Tottenville Historical Society
Grant of $5,100 to complete a State and National Registers of Historic Places project for the Tottenville neighborhood located at the southwestern tip of Staten Island. The historic buildings of Tottenville reflect a mid-nineteenth century community created by the oyster industry and related maritime trades. Many of the homes constructed between the late 1840s and 1880s were built for oystermen, dockworkers and owners of sailing ships. They range from simple Greek Revival style vernacular dwellings to large Second Empire and Queen Anne style houses of Tottenville’s “Quality Row”. The project will be completed by consultant Barnett Shepherd and will result in a National Register Multiple Property Documentation Form and several individual National Register of Historic Places nominations.
Town of Ramapo
Grant of $5,000 toward the cost of completing a historic structure report for the Jacob Sloat House in Sloatsburg. The Jacob Sloat House, a Greek Revival style country home, was built in 1848 by Jacob Sloat, a noted inventor and grandson of Sloatsburg’s founder. Also known as Harmony Hall, the building was acquired by the Town of Ramapo in 2006 to prevent further deterioration and possible demolition. The report will be prepared by Crawford and Stearns, Architects and Preservation Planners of Syracuse, and will guide the restoration of this State and National Register-listed house. The town’s goals are to interpret the property and to make the house available for community use.
Town of Shelter Island
Grant of $5,000 to support an historic structure report for the Smith-Taylor Cabin on Taylor’s (Cedar) Island. The central structure, a one-story cedar log cabin and veranda, was built c.1905 by Francis Marion Smith, a California businessmen known as the “Borax King,” who used the cabin for family picnics and clambakes. In 1938, hotelier and philanthropist S. Gregory Taylor acquired the cabin and constructed a two-story observation tower and other additions to create a comfortable summer home. In 1997, the property and cabin were donated to the Town of Shelter Island. The report will be completed by Zachary Studenroth, Architectural Preservation Consultant based in Sag Harbor, and by John Fokine, PE, of Shelter Island. The report will aid the town’s plan to restore and reuse the State Register-listed cabin.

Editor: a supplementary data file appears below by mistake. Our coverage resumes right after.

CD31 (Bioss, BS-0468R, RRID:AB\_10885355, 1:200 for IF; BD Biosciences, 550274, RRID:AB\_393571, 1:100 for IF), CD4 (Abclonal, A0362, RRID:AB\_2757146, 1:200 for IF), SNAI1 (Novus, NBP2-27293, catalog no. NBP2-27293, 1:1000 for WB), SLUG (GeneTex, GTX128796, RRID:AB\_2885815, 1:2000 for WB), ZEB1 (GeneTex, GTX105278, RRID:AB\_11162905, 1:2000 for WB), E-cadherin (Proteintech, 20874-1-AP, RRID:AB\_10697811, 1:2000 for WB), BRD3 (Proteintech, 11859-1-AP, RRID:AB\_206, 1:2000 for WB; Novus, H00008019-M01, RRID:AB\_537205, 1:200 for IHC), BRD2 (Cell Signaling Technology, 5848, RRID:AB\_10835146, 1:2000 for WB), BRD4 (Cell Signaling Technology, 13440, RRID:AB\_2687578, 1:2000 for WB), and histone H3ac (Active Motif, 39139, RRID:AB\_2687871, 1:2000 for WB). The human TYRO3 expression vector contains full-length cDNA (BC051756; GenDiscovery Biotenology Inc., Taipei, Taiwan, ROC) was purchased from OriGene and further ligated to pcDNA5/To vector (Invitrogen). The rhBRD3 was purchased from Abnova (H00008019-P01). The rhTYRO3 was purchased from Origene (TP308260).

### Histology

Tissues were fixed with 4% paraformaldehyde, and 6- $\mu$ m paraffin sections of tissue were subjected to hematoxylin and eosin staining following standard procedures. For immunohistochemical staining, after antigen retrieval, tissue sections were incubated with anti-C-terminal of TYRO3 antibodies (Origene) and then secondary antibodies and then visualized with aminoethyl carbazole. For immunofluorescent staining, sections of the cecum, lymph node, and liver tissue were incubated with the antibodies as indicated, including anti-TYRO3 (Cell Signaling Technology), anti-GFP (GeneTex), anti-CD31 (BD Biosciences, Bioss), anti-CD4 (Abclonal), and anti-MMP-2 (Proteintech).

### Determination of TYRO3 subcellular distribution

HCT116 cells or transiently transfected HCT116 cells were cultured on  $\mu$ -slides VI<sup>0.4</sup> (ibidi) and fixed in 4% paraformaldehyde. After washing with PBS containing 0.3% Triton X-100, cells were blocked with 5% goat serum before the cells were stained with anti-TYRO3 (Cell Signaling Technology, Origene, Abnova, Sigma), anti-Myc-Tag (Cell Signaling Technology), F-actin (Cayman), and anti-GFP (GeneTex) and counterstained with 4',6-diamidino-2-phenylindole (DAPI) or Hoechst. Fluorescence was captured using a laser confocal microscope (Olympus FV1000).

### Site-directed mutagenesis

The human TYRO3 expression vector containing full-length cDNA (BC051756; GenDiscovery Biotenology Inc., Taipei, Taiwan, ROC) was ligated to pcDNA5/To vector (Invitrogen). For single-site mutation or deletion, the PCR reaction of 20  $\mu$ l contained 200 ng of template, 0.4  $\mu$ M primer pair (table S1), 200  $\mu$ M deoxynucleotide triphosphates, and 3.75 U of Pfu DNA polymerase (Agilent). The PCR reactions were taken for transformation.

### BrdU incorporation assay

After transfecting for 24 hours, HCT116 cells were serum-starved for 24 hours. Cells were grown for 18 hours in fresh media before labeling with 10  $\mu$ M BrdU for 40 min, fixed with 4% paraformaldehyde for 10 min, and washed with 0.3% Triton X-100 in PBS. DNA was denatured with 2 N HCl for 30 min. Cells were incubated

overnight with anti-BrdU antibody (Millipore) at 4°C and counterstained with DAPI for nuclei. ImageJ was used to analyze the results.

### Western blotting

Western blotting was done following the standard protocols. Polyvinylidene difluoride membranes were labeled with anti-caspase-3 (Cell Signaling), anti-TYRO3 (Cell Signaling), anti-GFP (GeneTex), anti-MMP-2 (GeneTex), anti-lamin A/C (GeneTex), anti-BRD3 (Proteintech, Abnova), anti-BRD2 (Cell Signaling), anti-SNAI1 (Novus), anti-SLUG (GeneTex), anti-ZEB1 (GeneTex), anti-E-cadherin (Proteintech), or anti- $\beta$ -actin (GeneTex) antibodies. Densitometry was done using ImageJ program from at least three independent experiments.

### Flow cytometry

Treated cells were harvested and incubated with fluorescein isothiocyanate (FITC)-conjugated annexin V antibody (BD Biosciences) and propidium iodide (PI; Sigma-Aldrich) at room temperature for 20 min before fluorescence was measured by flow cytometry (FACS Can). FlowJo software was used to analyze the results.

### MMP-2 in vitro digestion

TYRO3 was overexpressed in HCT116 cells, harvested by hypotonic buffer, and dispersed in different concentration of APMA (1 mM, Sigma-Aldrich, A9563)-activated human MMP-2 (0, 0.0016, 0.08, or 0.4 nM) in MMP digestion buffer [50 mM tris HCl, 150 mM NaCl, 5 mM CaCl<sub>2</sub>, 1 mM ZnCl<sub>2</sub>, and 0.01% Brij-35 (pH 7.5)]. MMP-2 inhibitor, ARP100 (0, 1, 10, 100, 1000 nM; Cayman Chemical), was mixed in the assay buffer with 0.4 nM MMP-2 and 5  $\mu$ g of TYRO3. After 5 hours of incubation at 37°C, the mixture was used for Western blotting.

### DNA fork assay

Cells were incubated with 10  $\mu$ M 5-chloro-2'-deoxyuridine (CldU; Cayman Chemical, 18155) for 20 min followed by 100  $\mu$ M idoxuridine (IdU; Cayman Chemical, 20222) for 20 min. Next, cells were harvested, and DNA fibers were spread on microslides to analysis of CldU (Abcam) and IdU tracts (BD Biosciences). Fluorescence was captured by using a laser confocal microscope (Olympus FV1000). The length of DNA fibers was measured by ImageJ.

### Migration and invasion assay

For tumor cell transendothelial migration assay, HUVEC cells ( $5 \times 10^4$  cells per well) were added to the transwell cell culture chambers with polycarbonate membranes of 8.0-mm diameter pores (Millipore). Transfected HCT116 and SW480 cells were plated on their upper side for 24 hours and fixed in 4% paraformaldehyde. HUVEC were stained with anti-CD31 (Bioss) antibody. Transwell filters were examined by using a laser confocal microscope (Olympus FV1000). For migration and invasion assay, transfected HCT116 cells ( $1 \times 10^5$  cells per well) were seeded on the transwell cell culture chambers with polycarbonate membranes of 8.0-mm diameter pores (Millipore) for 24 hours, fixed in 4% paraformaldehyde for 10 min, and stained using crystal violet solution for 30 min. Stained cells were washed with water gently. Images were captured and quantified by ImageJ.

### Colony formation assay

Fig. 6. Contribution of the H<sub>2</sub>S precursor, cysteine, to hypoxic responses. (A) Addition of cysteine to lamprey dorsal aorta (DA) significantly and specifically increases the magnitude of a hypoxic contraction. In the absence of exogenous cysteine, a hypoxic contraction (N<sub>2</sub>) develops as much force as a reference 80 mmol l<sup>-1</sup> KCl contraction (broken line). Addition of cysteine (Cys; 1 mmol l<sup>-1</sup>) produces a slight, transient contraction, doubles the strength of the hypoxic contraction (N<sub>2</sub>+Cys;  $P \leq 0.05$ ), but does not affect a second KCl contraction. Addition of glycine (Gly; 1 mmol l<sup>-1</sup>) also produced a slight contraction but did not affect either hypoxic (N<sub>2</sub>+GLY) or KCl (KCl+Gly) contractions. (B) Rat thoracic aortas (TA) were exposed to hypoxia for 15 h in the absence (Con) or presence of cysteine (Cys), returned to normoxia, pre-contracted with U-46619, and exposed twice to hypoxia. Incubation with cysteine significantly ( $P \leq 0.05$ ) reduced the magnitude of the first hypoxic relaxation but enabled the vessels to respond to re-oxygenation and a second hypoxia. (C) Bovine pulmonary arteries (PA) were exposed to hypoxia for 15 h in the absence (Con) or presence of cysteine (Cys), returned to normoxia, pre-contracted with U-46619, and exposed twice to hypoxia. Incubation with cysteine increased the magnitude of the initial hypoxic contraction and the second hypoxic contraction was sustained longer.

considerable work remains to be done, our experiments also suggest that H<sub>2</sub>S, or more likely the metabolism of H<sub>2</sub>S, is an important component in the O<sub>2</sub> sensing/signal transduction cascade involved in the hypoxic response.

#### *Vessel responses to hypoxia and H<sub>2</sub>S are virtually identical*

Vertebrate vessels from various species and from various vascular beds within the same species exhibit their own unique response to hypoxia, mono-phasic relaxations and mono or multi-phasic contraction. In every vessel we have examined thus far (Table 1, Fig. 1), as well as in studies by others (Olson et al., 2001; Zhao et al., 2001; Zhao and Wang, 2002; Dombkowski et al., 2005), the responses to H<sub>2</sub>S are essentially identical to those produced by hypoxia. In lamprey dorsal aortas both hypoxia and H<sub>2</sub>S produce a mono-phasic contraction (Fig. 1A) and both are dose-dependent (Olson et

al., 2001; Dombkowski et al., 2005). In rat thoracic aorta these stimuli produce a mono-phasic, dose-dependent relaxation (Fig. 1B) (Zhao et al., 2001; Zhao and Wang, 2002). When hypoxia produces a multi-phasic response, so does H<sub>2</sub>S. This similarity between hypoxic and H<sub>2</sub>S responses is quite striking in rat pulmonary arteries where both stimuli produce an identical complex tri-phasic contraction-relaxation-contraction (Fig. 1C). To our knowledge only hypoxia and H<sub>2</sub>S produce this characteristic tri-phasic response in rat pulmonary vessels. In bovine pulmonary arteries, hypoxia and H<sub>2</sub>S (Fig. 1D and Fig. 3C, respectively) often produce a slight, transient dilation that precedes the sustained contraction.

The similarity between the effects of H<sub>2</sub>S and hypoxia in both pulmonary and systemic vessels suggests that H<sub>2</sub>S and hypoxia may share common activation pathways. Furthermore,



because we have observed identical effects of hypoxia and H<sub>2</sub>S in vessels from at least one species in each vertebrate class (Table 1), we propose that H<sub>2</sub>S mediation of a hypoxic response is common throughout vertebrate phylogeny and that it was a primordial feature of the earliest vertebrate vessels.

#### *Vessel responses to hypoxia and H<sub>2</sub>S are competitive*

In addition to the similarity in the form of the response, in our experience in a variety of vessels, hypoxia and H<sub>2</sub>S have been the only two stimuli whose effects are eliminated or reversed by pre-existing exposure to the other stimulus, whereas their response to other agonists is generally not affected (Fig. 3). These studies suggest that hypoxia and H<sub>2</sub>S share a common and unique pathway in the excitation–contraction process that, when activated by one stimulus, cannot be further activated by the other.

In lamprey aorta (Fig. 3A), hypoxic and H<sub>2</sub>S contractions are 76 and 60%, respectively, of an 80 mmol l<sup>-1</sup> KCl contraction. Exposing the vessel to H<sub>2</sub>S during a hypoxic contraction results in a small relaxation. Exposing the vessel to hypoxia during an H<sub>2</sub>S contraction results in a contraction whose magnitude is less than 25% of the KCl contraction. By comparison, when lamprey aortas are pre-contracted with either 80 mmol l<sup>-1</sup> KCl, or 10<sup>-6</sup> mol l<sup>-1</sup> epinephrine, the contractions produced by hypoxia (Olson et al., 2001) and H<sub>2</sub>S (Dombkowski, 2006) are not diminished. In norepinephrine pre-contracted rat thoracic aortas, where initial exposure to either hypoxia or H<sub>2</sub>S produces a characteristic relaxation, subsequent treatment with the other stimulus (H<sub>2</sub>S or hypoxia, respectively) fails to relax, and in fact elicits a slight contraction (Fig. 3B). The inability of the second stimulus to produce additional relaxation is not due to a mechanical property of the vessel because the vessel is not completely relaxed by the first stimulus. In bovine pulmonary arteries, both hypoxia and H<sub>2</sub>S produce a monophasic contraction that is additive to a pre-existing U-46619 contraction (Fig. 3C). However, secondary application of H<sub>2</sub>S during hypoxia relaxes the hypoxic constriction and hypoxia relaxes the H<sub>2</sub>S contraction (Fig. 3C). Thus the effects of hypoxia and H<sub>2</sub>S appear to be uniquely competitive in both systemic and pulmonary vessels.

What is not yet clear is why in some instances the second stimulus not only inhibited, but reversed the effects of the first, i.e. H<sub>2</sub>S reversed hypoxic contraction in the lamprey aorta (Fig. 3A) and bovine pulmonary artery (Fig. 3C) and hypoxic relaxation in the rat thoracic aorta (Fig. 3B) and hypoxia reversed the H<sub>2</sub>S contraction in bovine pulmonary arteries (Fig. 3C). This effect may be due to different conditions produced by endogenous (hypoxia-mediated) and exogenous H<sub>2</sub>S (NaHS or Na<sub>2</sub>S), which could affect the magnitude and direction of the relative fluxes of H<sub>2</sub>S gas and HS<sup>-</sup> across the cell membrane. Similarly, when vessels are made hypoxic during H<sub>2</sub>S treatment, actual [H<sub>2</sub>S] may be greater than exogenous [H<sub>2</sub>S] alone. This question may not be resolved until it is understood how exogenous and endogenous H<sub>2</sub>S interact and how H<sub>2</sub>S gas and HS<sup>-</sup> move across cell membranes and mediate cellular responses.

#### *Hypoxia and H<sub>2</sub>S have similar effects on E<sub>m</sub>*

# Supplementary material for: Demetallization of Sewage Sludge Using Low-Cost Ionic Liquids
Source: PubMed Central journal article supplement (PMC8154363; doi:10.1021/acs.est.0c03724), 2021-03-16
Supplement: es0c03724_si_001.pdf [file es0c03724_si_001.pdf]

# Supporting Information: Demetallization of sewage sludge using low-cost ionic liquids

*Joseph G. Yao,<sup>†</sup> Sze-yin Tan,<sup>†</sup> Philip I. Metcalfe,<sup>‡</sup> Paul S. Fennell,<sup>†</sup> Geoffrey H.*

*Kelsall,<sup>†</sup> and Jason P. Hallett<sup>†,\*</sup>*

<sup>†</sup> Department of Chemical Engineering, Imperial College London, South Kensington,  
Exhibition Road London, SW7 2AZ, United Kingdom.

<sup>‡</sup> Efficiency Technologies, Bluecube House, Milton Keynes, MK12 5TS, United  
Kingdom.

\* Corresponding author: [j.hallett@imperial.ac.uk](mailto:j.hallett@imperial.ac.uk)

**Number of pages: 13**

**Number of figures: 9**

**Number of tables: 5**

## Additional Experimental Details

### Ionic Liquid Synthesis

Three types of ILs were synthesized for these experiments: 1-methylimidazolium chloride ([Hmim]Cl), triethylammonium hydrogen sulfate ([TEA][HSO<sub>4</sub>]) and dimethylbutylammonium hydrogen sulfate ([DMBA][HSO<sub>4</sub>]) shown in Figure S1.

Town of Rochester
Historic Preservation Commission Grant of $5,000 to update the 1993 cultural resources survey of the Town of Rochester. The town was settled in the seventeenth century as a farming community along the Rondout Creek. Many farms survive today, with Dutch barns and other early agricultural buildings dotting the landscape. The town is also known for its early stone houses. The project will add new research to the 14-year old survey and include documentation of a type of building called a plank house that was not identified during the original survey. Harry Hansen of Kyserike Restorations in High Falls will complete the project that will guide future landmark designations and planning efforts.
Wayne County Historian’s Office
Grant of $8,000 toward the cost of completing a cultural resources survey of properties associated with Abolitionism and African American life between 1820 and 1880 in Wayne County. The survey will identify the homes, churches, business places and other sites significant to the lives of freedom seekers and their sympathizers throughout the county. The research will be completed by Judith Wellman, Historical New York Research Associates of Fulton, historians Marjory Perez and Peter Evans, and area volunteers. The results will be used for planning, heritage tourism activities and landmark designations. This project is the fifth countywide survey associated with the nationally significant themes of Abolitionism and the Underground Railroad supported by the Preservation League.